Non-judgement: Commit to the idea that you will not emit a judgment on your behaviors, past, persons, or yourself. Become aware of the experience and what you are thinking without labeling it or assigning a value. Mindfulness gives you get a glimpse of who you are and your situation without evaluation.
Non-Striving: Detach from the idea of an outcome or accomplishment. Allow yourself to be in the moment, just as it is. Be able to see life, people, and situations for what they are without the desire to make them better.
Patience: Live in the present moment and let things or situations unfold at their own pace. Be sure that things will arrive at the right time if you wait.
Trust: Trusting your intuition and authority, take responsibility for them. This foundation urges us to go inward and discover who we are and who we are becoming.
“Each moment missed is a moment unlived (and)…makes it more likely I will miss the next moment…cloaked in mindless habits of automaticity of thinking, feeling, and doing rather than living in, out of, and through awareness.” -Kabat-Zinn, 2005
Religiosity, Spirituality, and Mindfulness practices are being implemented as a part of medical education and as medical treatment. The benefits of inflammatory responses and clinical management of cardiovascular diseases linked to spiritual practices have been studied and confirmed. Furthermore, medical treatment, dietary changes, and exercise have to be included in this new care guideline to achieve better outcomes.
I know what you are thinking because I thought it too:
For all of those ideas, I have one single answer: let it be because it is. You took the time to read this and we all need a fair share of MBSR in these difficult times. You might not be dealing with CVD, but the sense of isolation and stress can alter BP. Being mindful takes practice and a lot of non-judgment, which is my favorite part. Nevertheless, the benefits are enormous. -Ana Paola Rodríguez Arciniega. Master in Clinical Nutrition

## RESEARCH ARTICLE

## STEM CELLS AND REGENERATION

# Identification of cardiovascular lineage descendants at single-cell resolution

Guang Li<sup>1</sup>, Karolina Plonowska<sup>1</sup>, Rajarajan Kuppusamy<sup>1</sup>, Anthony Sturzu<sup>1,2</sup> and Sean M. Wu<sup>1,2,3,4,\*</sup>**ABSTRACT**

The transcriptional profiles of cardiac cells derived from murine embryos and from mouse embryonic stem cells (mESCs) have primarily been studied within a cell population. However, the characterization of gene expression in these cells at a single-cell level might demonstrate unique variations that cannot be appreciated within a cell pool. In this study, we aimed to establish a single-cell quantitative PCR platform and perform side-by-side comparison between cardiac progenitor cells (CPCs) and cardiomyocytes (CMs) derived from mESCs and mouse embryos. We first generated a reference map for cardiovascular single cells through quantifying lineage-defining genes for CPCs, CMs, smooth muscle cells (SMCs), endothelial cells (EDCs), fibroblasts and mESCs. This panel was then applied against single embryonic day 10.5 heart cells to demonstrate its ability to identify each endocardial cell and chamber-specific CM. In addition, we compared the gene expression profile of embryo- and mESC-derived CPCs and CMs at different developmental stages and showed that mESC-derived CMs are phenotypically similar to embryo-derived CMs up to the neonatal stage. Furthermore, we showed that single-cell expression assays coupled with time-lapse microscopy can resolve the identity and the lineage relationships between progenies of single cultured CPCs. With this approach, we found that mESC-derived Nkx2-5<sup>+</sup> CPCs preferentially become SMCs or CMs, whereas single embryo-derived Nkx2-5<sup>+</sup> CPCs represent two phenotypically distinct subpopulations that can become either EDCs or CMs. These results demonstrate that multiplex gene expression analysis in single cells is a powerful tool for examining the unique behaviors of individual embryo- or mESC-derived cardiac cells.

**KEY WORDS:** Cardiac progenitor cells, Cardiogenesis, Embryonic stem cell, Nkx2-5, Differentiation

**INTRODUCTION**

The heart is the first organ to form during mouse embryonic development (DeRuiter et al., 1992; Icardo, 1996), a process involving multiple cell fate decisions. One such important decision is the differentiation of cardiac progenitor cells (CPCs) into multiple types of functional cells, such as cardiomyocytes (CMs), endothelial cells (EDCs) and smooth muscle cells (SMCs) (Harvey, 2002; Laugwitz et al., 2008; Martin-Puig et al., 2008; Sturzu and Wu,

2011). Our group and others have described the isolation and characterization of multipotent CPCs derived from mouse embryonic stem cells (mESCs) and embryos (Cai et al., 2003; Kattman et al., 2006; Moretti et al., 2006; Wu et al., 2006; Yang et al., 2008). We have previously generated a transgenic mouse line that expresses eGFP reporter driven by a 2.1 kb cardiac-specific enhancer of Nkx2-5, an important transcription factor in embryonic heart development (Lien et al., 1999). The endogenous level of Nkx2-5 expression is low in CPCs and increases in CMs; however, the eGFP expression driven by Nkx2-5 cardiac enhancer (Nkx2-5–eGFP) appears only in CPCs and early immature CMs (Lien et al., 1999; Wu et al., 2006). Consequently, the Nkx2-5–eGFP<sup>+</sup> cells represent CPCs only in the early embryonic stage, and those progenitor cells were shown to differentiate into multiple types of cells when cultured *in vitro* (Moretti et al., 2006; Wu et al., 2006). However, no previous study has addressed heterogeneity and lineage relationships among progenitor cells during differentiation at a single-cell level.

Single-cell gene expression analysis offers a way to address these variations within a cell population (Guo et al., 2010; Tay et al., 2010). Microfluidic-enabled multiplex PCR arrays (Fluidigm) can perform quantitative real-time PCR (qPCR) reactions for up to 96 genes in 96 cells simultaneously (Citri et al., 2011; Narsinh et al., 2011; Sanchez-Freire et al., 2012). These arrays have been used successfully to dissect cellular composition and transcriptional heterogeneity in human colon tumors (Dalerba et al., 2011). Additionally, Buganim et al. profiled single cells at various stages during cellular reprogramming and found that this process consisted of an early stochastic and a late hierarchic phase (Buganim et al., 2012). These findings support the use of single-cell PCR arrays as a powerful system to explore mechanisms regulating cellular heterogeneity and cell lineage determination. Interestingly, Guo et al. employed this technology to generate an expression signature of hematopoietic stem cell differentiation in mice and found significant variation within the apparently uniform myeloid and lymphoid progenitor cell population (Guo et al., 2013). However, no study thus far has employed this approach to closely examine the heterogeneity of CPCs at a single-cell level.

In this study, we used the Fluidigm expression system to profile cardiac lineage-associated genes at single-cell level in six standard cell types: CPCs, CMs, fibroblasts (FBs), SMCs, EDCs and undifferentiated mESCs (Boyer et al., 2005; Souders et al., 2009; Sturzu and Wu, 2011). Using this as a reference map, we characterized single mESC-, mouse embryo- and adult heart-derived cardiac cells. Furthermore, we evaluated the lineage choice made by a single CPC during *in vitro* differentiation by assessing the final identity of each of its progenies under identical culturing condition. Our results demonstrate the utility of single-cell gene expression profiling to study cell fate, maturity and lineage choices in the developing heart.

Lengacher, Cecile A., et al. “Mindfulness-based stress reduction in post-treatment breast cancer patients: an examination of symptoms and symptom clusters.” Journal of behavioral medicine 35.1 (2012): 86-94.
Momeni, Javad, et al. “The effects of mindfulness-based stress reduction on cardiac patients’ blood pressure, perceived stress, and anger: a single-blind randomized controlled trial.” Journal of the American Society of Hypertension 10.10 (2016): 763-771.
Anyfantakis, Dimitrios, et al. “Impact of religiosity/spirituality on biological and preclinical markers related to cardiovascular disease. Results from the SPILI III study.” Hormones 12.3 (2013): 386-396.
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The information herein on "Mindfulness-based Stress Reduction and Cardiac Disease" is not intended to replace a one-on-one relationship with a qualified health care professional, licensed physician, and is not medical advice. We encourage you to make your own health care decisions based on your research and partnership with a qualified health care professional.